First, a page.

All Pilates exercises, and most movements in life, originate from the core. Not being able to engage the core muscles means not being able to get the most from workouts, or from our bodies in general. A weak core can lead to postural deviations, back issues and injuries. So helping my students engage their core is a vital part of a Pilates teacher’s role. I’ve shared some tips on how I do this below.
First of all what is the core? Most of us picture a 6-pack at the front of our stomachs. Joseph Pilates called the core ‘The Powerhouse’, a term that broadens and more accurately describes the role of the muscles at the centre of the body.
The Powerhouse muscles include; the transverse abdominis, obliques, multifidus, quadratus lumborum (mid and lower back), glutes and hips. These muscles connect and interconnect from the back of the spine/pelvis/ribs and wrap around to the front with the pelvic floor at the bottom and the diaphragm at the top.
To activate our Powerhouse in preparation for movement we use the breath. The core muscles are used in abdominal (or diaphragmatic) breathing, which is why we use this breathing pattern in Pilates.
I ask students to place one hand on their ribs and one hand on their stomach as I explain the process and see if they can sense/feel the movement under their hands. When we breathe in the ribs expand allowing the diaphragm to move down, sucking air into the lungs and pushing the abdominal contents down, this forces the abdominal wall out. When we breathe out the diaphragm relaxes, air passes out of the lungs and the abdominal muscles contract as they flatten.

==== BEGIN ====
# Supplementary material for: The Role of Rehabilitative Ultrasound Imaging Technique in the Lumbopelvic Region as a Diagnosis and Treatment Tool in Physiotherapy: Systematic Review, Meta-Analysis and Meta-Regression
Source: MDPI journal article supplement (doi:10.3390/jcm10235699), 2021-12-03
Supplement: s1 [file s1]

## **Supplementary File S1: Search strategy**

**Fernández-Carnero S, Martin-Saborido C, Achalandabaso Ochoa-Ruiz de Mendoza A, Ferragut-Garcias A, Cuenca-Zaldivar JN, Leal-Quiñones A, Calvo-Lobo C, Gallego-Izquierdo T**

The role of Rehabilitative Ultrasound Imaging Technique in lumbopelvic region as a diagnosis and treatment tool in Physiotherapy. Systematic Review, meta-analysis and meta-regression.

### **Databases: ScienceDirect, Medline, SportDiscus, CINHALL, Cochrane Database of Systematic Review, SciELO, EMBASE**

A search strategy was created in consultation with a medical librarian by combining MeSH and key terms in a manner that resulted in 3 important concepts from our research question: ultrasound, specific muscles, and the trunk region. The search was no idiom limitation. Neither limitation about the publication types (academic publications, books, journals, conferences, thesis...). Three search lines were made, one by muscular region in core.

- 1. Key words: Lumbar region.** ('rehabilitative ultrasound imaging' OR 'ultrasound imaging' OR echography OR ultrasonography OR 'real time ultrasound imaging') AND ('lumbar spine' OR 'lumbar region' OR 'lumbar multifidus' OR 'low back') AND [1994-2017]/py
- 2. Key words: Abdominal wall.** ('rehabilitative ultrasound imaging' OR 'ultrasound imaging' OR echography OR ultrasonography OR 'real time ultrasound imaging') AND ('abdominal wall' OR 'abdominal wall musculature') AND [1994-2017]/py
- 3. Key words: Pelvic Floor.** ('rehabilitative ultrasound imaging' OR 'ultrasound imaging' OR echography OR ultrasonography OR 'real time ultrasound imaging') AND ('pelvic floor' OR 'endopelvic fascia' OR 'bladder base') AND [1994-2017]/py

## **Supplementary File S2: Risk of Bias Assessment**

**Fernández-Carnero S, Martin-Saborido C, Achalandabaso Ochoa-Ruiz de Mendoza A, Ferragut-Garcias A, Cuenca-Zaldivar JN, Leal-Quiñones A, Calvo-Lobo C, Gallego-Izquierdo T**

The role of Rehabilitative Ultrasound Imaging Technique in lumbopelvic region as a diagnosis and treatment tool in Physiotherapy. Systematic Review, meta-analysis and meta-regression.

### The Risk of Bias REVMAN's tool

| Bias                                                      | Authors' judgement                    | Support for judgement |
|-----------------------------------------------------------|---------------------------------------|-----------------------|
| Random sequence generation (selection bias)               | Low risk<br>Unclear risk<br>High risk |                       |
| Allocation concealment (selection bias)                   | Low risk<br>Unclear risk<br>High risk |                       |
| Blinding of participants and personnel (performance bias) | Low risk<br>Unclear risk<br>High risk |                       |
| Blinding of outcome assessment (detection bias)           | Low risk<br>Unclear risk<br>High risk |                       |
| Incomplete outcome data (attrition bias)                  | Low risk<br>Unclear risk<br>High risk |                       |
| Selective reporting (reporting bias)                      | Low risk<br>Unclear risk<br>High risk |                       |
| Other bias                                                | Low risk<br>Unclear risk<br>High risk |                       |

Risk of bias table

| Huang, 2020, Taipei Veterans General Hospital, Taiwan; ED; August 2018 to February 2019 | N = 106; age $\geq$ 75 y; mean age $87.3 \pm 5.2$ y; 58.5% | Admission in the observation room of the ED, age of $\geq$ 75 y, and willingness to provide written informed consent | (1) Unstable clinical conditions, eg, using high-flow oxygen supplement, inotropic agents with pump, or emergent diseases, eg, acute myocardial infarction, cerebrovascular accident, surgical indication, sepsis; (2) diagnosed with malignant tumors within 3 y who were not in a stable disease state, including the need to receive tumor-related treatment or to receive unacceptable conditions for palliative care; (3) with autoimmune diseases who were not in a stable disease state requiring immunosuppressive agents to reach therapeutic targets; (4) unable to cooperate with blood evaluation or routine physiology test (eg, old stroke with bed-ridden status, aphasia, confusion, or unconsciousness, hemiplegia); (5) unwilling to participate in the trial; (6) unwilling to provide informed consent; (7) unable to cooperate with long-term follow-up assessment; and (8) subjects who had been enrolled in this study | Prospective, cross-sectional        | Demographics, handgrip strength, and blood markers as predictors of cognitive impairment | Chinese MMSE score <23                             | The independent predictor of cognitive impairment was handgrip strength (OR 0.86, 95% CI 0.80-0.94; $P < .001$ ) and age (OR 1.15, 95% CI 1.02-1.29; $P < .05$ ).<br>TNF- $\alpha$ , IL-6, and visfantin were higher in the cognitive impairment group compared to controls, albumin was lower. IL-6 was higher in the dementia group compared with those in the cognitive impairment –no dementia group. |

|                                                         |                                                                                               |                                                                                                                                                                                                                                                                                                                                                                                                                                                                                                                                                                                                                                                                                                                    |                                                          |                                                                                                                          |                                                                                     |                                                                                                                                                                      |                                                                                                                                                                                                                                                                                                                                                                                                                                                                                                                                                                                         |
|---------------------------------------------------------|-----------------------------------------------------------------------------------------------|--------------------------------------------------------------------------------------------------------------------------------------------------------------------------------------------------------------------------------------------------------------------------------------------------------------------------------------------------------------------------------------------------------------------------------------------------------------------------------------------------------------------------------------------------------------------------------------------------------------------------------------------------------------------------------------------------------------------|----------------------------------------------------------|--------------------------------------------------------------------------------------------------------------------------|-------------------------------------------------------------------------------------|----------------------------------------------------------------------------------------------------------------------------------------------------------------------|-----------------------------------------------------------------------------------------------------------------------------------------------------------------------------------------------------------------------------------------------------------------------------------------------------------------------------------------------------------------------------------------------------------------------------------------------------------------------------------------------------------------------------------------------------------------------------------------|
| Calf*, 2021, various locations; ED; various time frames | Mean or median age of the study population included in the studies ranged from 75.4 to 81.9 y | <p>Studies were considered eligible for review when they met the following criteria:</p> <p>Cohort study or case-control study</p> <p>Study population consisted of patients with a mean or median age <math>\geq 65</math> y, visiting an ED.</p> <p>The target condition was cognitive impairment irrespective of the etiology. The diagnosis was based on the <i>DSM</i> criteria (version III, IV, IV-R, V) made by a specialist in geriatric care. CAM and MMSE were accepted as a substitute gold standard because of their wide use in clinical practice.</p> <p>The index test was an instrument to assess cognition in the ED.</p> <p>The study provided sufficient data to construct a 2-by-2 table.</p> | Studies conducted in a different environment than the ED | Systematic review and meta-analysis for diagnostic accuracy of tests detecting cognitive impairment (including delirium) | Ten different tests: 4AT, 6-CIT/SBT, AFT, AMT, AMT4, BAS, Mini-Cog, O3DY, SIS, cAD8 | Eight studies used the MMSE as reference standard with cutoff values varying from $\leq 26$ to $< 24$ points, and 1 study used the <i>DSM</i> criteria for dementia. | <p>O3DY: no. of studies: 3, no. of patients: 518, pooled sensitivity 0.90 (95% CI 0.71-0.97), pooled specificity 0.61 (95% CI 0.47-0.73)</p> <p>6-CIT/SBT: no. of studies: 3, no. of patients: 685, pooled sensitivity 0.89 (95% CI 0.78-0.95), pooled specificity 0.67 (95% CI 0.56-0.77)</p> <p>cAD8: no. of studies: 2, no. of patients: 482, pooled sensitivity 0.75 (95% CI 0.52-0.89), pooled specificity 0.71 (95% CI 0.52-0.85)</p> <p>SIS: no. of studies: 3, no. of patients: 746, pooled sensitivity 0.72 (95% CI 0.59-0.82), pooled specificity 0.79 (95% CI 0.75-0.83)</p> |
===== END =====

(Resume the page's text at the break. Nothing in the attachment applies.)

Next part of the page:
So we take 3 slow steady breaths in and out through the nose and see if we can feel the ribs expand under our hand on the inhale, then on the exhale we try to sense the stomach wall move away from the other hand as the stomach muscles contract.
Sometimes this is enough for students to get/feel the connection between core engagement and breathing. But if not, we can explore this further by looking at the rib cage and stomach engagement separately.
For the ribs – I ask students to wrap a long resistance band around the rib cage and hold it at the front of the body. We then relax the shoulders and practice breathing deeply and steadily with a focus on stretching the band on the inhale by getting the rib cage to expand, then on the exhale notice how the band loosens slightly as the ribs knit back together.
For the stomach muscles – I ask students to place their index and middle fingers just inside their hip bones and press into the abdominal wall quite firmly. We then do a ‘straw breath’, imagining we’re blowing through a straw slowly on the exhale. I ask them to sense/visualise the contraction of the stomach muscles and the drawing up and in of the pelvic floor and even a slight squeeze of the glutes that naturally happens. By doing this we’re creating the stomach pressure we want for some of the more challenging Pilates movements.
Finally, I ask them to imagine that if I threw a ball firmly at their stomachs while they were exhaling, it would just bounce off, not leaving them winded.
This can seem like an overwhelming amount of information and not all students can feel it first time. It would be easy to default to terms like ‘tighten your corset/belt’, ‘tummy to spine’ or ‘scoop your belly’ but in my experience this creates tightness in the chest and shoulders and compromises posture. It’s worth taking the time to persevere because once it’s locked into the muscle memory it becomes second nature creating a safe and effective Pilates practice as well as improved movement, posture and breathing from your powerhouse for life.
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